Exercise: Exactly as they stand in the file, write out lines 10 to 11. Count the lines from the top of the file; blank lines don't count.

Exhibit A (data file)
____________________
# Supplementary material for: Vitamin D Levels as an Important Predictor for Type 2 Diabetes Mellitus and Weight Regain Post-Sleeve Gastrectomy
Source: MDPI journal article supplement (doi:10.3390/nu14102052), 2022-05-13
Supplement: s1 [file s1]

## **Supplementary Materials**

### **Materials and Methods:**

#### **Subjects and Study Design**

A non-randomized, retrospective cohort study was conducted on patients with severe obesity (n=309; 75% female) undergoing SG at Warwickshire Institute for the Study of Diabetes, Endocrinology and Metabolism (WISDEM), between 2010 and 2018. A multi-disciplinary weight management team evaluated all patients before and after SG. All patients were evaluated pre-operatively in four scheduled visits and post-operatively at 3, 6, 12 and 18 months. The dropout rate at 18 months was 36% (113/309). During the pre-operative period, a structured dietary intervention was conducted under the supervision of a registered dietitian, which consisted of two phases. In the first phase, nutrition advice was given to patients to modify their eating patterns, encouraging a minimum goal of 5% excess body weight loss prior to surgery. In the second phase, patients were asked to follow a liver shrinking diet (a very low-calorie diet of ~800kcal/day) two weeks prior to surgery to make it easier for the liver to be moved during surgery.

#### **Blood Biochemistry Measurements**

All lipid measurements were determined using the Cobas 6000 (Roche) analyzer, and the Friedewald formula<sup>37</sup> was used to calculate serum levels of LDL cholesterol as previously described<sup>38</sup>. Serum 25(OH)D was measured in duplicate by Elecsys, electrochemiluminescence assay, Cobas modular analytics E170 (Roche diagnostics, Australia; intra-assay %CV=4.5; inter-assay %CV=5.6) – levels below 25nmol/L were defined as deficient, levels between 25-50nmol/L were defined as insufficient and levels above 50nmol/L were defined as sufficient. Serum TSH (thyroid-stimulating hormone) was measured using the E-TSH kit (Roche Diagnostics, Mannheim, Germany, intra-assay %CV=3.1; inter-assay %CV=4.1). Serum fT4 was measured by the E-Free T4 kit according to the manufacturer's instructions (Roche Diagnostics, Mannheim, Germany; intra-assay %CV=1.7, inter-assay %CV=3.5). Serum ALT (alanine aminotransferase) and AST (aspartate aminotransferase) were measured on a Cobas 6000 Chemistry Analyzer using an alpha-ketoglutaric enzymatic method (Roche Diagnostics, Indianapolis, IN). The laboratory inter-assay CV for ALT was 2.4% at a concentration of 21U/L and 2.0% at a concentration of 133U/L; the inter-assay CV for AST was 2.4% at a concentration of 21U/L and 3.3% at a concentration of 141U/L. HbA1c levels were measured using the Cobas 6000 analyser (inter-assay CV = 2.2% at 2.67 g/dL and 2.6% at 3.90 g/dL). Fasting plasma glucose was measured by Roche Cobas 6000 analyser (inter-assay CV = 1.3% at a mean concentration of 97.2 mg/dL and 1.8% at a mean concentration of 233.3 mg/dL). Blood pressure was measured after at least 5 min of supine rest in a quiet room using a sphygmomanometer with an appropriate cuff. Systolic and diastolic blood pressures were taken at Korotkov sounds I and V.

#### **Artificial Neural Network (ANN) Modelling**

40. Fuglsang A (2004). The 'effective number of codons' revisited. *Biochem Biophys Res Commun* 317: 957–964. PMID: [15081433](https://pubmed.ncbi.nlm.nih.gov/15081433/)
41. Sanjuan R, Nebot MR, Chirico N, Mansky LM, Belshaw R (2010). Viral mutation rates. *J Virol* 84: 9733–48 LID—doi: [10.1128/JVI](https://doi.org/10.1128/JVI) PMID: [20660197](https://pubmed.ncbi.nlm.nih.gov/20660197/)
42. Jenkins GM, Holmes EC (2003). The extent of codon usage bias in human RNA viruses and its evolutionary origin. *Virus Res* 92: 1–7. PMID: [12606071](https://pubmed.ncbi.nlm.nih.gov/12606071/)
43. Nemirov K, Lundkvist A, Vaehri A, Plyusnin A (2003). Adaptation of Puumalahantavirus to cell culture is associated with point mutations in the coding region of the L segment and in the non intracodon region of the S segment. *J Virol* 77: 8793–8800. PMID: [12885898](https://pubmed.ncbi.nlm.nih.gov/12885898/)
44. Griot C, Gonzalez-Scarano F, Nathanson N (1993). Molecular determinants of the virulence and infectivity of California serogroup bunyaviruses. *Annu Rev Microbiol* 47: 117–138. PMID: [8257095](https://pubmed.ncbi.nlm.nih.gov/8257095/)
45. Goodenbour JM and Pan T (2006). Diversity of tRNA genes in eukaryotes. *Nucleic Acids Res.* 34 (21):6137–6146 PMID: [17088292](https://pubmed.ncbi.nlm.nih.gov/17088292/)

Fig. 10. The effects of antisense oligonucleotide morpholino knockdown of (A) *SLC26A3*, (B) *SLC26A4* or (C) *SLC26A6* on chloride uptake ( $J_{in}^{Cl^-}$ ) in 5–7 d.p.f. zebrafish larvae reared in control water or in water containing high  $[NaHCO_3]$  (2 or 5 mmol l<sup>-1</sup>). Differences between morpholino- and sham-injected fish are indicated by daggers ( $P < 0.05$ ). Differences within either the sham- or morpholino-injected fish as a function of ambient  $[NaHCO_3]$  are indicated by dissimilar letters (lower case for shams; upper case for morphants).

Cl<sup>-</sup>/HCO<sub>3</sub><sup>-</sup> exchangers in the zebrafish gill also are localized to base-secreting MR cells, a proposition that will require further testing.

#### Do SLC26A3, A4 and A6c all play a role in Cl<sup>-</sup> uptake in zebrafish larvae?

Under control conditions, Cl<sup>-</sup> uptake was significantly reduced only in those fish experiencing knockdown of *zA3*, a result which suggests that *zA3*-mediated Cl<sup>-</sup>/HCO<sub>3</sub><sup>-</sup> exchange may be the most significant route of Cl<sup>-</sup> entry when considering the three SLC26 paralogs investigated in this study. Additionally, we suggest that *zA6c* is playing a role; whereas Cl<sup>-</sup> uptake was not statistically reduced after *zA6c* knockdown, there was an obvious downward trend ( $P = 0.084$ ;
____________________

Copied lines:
#### **Artificial Neural Network (ANN) Modelling**

40. Fuglsang A (2004). The 'effective number of codons' revisited. *Biochem Biophys Res Commun* 317: 957–964. PMID: [15081433](https://pubmed.ncbi.nlm.nih.gov/15081433/)